During the lead-up to the 2003 Iraq War, back when invading that country was a more popular idea among Canadians than many care to remember, I recall observing an encounter at the bus stop near my house between a group of middle-aged white folks, perhaps three or four of them, and a hijab-wearing Muslim woman. I didn’t see how it began, but everyone was arguing about the war, with the Muslim woman against and everyone else for. No one was making particularly good points, but it was nevertheless obvious, through the white folks’ sneering, dismissive tone, that they regarded the logic of the Muslim woman with far more suspicion than was warranted simply because of who she was. There were no “go-back-to-where-you-came-froms” or anything like that, but it was a visibly tense conversation made all the tenser by one obvious variable.
Was what I witnessed Islamophobia? It was certainly an unpleasant swirl of politics and culture in which many divisive sources of social discord — violence, patriotism, religion, race and immigration — were present, either explicitly or just below the surface. Without being too presumptuous, when Muslim Canadians experience episodes of social anxiety, I imagine the triggers often resemble what I witnessed: awkward encounters with representatives of the majority that leave the Muslim feeling devalued or marginalized and hyper-aware of their “otherness.”
The world being what it is, however, most of us would prefer Islamophobia to manifest in a more sensationalistic, even cartoonish way. The Canadian Parliament certainly resorted to fairly cartoonish language of its own when it passed a motion last March describing the scourge of Canadian Islamophobia as an “increasing public climate of hate and fear,” which only heroic government action at the highest levels could redress.
When, last week, an 11-year-old Muslim girl from Ontario claimed she was attacked out of the blue by a bigoted monster who literally tried to cut the hijab off her head with scissors, this desire for cartoonish Islamophobia was satiated. Politicians from the prime minister on down tumbled over each other to tweet messages of sadness and remorse — on behalf of the whole country, naturally — that such wickedness had been allowed to transpire (though a barely hidden subtext was that they all pretty much expected it).
After a couple days as the cause celebre of Canadian woke-Twitter, the hijab-chopping story was declared false by the Toronto police. It “did not happen,” the news release bluntly stated. It thus joined the ranks of such other scandalous nonevents as the grocery store Islamophobe in London, Ontario (who wound up being a Farsi-speaker in treatment for mental illness) or the Muslim man who got beat up by a slur-yelling assailant in a Whitby park bathroom (only to be later deemed unreliable by police and prosecutors).
There is something unmistakably perverse about the bizarre appetite many Canadians, particularly those on the left or in elite positions, seem to have for tales of outlandish Islamophobia, an appetite that causes otherwise sensible people to turn off their faculties for caution and skepticism and adopt the credulity of a supermarket tabloid reader. At best, they gobble up such anecdotes as a variant of so-called “decay porn,” in which weird cravings for tales of a hellish world can be satisfied only by increasingly outlandish stories cooked up by fabulists. At worst, these are mini-Gulf of Tonkins of the mind, emotional pretexts that rationalize backing politicians or legislation that erode free speech, due process or national security in the name of fighting some unprecedented enemy.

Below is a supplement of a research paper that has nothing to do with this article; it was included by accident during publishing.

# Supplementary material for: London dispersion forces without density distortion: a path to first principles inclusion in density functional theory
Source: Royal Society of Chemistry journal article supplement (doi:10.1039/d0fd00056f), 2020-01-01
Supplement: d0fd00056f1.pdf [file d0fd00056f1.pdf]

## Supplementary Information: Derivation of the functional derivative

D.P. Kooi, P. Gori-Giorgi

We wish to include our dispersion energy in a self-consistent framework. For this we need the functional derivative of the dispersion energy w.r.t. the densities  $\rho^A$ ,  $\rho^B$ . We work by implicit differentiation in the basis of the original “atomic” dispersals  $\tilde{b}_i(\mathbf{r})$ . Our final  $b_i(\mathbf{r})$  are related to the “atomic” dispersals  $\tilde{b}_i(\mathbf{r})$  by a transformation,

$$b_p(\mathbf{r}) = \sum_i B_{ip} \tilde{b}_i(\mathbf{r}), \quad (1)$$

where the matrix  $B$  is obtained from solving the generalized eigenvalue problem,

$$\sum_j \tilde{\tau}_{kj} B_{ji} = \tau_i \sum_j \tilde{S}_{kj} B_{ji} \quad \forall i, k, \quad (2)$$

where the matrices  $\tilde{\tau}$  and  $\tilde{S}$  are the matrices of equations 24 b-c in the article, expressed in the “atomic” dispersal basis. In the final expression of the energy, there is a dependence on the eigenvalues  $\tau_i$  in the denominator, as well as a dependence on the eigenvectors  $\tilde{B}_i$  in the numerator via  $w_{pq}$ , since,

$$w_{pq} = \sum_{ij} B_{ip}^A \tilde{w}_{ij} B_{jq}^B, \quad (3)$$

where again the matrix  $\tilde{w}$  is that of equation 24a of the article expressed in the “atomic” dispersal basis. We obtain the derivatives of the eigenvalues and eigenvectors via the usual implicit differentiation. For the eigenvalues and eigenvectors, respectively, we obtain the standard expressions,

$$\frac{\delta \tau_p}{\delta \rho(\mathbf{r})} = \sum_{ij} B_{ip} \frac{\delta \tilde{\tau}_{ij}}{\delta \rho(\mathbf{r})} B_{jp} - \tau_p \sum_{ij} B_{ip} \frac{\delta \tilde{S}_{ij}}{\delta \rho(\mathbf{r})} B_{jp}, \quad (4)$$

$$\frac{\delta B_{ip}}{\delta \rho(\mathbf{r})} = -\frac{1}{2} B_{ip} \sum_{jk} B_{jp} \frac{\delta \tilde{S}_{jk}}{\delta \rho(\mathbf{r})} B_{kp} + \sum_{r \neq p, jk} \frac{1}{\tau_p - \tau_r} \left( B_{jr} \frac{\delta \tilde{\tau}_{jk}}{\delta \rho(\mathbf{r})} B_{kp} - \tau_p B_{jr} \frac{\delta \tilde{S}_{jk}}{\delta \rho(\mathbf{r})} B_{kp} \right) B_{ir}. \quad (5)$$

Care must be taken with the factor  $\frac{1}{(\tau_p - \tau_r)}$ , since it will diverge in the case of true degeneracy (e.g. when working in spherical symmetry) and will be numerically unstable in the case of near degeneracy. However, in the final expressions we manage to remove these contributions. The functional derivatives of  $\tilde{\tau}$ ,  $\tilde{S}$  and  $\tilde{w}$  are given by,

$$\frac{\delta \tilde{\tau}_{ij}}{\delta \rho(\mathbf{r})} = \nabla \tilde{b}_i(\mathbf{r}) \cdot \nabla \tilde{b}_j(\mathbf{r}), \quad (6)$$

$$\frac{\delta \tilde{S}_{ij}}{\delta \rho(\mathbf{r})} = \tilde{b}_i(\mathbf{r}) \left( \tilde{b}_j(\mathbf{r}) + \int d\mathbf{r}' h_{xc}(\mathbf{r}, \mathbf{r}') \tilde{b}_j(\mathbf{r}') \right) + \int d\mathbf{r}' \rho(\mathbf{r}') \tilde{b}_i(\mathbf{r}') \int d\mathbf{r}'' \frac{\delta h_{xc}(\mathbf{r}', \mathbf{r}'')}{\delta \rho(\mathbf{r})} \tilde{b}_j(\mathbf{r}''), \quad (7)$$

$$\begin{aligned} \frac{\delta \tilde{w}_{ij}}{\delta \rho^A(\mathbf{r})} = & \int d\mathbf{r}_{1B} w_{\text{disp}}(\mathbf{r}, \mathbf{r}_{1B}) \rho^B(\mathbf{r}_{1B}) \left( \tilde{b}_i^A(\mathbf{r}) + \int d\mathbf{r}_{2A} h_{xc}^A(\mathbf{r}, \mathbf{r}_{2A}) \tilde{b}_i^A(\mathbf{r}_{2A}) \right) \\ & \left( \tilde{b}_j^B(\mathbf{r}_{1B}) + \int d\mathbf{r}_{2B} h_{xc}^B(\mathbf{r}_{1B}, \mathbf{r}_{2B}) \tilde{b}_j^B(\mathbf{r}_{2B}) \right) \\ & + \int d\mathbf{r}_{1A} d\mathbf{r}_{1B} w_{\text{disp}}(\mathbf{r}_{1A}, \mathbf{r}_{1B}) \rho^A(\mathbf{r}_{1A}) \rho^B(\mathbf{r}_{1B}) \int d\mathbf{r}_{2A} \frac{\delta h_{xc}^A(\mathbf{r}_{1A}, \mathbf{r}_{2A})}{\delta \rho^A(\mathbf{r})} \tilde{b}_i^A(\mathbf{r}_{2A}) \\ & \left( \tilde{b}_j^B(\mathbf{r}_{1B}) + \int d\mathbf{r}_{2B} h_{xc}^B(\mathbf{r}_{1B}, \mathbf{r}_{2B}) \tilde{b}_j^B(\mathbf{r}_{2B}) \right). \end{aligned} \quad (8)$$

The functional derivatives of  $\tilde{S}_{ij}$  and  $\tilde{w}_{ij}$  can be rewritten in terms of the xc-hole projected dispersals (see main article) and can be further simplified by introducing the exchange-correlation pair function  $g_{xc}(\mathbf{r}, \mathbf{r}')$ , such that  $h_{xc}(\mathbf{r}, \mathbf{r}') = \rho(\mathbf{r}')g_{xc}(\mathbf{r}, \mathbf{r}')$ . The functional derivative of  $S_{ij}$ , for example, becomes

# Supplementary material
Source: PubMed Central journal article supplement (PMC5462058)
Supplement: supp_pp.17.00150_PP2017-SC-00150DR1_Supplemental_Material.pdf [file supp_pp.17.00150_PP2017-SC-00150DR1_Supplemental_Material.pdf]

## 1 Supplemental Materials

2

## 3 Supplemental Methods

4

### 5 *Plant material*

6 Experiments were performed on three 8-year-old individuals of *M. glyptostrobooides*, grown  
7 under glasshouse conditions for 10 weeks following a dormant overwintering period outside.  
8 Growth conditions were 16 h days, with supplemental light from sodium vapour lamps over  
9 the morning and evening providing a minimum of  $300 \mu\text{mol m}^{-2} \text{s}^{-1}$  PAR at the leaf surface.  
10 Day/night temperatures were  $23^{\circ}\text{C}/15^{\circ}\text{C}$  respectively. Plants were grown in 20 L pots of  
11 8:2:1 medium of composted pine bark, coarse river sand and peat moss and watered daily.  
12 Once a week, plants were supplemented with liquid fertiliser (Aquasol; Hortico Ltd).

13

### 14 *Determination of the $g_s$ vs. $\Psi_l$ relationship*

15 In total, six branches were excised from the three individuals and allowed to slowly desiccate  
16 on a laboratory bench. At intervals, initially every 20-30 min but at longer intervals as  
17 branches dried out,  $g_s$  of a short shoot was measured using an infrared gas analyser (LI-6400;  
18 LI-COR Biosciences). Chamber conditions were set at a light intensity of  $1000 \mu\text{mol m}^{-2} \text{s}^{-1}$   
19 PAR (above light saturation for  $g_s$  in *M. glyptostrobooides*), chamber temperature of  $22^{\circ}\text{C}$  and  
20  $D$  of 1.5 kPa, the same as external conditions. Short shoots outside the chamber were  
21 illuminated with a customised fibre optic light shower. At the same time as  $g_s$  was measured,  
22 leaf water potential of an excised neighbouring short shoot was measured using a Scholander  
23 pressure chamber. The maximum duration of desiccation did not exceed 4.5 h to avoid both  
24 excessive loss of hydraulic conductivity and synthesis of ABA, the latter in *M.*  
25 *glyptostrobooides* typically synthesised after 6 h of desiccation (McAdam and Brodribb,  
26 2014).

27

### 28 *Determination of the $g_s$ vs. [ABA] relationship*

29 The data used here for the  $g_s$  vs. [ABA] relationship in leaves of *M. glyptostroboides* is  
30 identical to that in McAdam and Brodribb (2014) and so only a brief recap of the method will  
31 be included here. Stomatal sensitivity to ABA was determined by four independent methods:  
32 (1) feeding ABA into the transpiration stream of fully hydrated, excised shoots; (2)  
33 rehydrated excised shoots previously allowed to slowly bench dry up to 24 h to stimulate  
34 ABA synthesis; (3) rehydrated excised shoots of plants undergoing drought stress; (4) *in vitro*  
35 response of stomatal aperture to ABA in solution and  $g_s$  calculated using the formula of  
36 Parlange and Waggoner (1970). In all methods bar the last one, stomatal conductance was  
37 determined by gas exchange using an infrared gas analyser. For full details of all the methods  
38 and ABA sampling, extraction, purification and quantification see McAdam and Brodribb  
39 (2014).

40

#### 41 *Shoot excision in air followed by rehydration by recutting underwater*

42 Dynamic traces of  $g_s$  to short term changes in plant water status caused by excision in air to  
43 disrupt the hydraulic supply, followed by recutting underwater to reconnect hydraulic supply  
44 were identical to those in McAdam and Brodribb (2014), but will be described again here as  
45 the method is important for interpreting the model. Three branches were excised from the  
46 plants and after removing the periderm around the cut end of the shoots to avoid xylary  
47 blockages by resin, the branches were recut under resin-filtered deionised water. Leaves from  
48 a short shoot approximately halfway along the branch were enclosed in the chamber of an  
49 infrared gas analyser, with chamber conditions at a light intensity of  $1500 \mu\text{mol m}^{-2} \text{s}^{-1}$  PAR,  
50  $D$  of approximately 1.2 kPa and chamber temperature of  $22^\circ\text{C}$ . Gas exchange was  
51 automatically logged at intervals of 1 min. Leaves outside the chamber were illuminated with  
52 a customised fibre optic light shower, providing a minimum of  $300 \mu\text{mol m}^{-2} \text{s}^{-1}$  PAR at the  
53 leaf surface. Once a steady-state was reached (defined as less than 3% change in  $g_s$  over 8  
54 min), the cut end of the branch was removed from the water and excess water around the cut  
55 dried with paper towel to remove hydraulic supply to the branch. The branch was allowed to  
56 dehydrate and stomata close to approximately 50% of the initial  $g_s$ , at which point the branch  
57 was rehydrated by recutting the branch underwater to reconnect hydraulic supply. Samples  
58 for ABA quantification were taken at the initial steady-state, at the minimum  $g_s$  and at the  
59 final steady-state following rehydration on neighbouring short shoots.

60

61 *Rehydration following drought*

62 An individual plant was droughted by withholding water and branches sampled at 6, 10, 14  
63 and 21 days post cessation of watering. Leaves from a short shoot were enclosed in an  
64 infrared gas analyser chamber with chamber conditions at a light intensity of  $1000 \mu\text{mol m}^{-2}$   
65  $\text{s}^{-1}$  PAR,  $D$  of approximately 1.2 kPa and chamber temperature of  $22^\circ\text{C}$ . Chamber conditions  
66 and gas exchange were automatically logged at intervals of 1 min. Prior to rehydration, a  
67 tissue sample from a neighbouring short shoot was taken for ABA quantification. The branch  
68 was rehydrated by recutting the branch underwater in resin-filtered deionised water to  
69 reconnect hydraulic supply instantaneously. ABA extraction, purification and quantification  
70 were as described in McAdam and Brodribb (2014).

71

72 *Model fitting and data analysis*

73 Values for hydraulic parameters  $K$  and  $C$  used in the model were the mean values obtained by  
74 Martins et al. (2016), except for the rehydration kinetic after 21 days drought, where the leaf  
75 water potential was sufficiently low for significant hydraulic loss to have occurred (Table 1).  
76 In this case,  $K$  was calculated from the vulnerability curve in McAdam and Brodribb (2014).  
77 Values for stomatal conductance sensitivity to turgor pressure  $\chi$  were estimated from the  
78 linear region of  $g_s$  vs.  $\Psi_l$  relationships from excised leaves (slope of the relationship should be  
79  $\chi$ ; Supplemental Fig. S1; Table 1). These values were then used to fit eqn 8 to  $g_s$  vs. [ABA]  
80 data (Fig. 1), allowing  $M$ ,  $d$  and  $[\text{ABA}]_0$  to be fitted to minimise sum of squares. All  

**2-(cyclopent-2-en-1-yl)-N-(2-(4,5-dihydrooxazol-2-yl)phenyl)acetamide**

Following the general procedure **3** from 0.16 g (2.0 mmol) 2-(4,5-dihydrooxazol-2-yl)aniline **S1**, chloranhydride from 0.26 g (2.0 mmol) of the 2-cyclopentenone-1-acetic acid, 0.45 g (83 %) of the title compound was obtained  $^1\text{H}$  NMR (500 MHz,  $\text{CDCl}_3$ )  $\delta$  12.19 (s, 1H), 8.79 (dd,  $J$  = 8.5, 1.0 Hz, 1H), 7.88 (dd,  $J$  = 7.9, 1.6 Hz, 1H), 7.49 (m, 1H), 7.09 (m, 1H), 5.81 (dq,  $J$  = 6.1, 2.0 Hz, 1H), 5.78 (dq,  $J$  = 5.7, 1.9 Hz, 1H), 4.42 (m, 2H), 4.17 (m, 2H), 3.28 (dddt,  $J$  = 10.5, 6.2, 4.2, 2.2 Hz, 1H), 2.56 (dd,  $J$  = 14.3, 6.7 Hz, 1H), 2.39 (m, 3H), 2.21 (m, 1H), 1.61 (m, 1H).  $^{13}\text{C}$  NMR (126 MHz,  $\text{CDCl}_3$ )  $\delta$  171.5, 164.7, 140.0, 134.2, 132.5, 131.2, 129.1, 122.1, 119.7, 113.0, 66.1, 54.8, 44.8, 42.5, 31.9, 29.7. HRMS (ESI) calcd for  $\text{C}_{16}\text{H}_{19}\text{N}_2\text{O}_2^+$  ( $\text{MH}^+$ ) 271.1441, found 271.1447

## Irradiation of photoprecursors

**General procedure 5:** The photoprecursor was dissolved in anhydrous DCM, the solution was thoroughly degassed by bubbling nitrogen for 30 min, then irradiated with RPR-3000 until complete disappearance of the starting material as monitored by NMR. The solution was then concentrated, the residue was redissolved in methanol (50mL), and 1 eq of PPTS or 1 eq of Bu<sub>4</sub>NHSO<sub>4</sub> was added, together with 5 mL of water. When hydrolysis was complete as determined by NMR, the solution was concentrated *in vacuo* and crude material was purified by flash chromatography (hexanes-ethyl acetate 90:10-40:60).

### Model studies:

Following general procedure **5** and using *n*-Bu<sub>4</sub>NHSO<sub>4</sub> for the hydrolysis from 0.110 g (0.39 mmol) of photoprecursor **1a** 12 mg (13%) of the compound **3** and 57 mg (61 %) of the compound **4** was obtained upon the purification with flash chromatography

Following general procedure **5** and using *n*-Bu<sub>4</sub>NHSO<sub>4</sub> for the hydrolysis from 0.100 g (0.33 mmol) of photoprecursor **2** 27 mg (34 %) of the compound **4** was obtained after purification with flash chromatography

As the Toronto Sun’s Anthony Furey observed, Prime Minister Justin Trudeau has a long track record of erring on the side of radical Islam, a pattern seemingly born from a larger tendency to frame Muslims as creatures without agency and deserving reverence for all claims of persecution, no matter how dubious or ambiguous. This, in turn, animates many of the man’s marquee political promises, from a generous intake of Syrian refugees to eliminating judgmental language from the Canadian citizenship guide to ending bombing raids against the Islamic State, all of which have, at their core, an implied need to redeem the Islam-skeptical character of Canadian society.
Phony or exaggerated charges of Islamophobia, in other words, are not merely victimless non-crimes. They inflate the resolve of a certain flavor of progressive whose political agenda aims to sacrifice much of traditional liberalism in the name of a bigotry course correction, as well as the denialist ignorance of the reactionary right, like those who peddled conspiracy theories about last year’s mosque shooting in Quebec City. The end result is a society whose politics have been agitated to polarize around the Muslim issue in a deeply inaccurate, unserious way.
It was particularly unfortunate to see Conservative leader Andrew Scheer, who will face an uphill battle to unseat Trudeau next year, among those scrambling to denounce the scissor attack long before any hard facts were known. History had offered plenty of cause for suspicion. As the left seems poised to learn absolutely nothing from this episode, there is surely ample political ground to be seized by any politician brave enough to argue that the worst stories of bigotry are not automatically the truest, and the peaceful integration of Muslims into Canadian society, whatever the obvious challenges, must begin with a greater presumption of their host’s goodwill.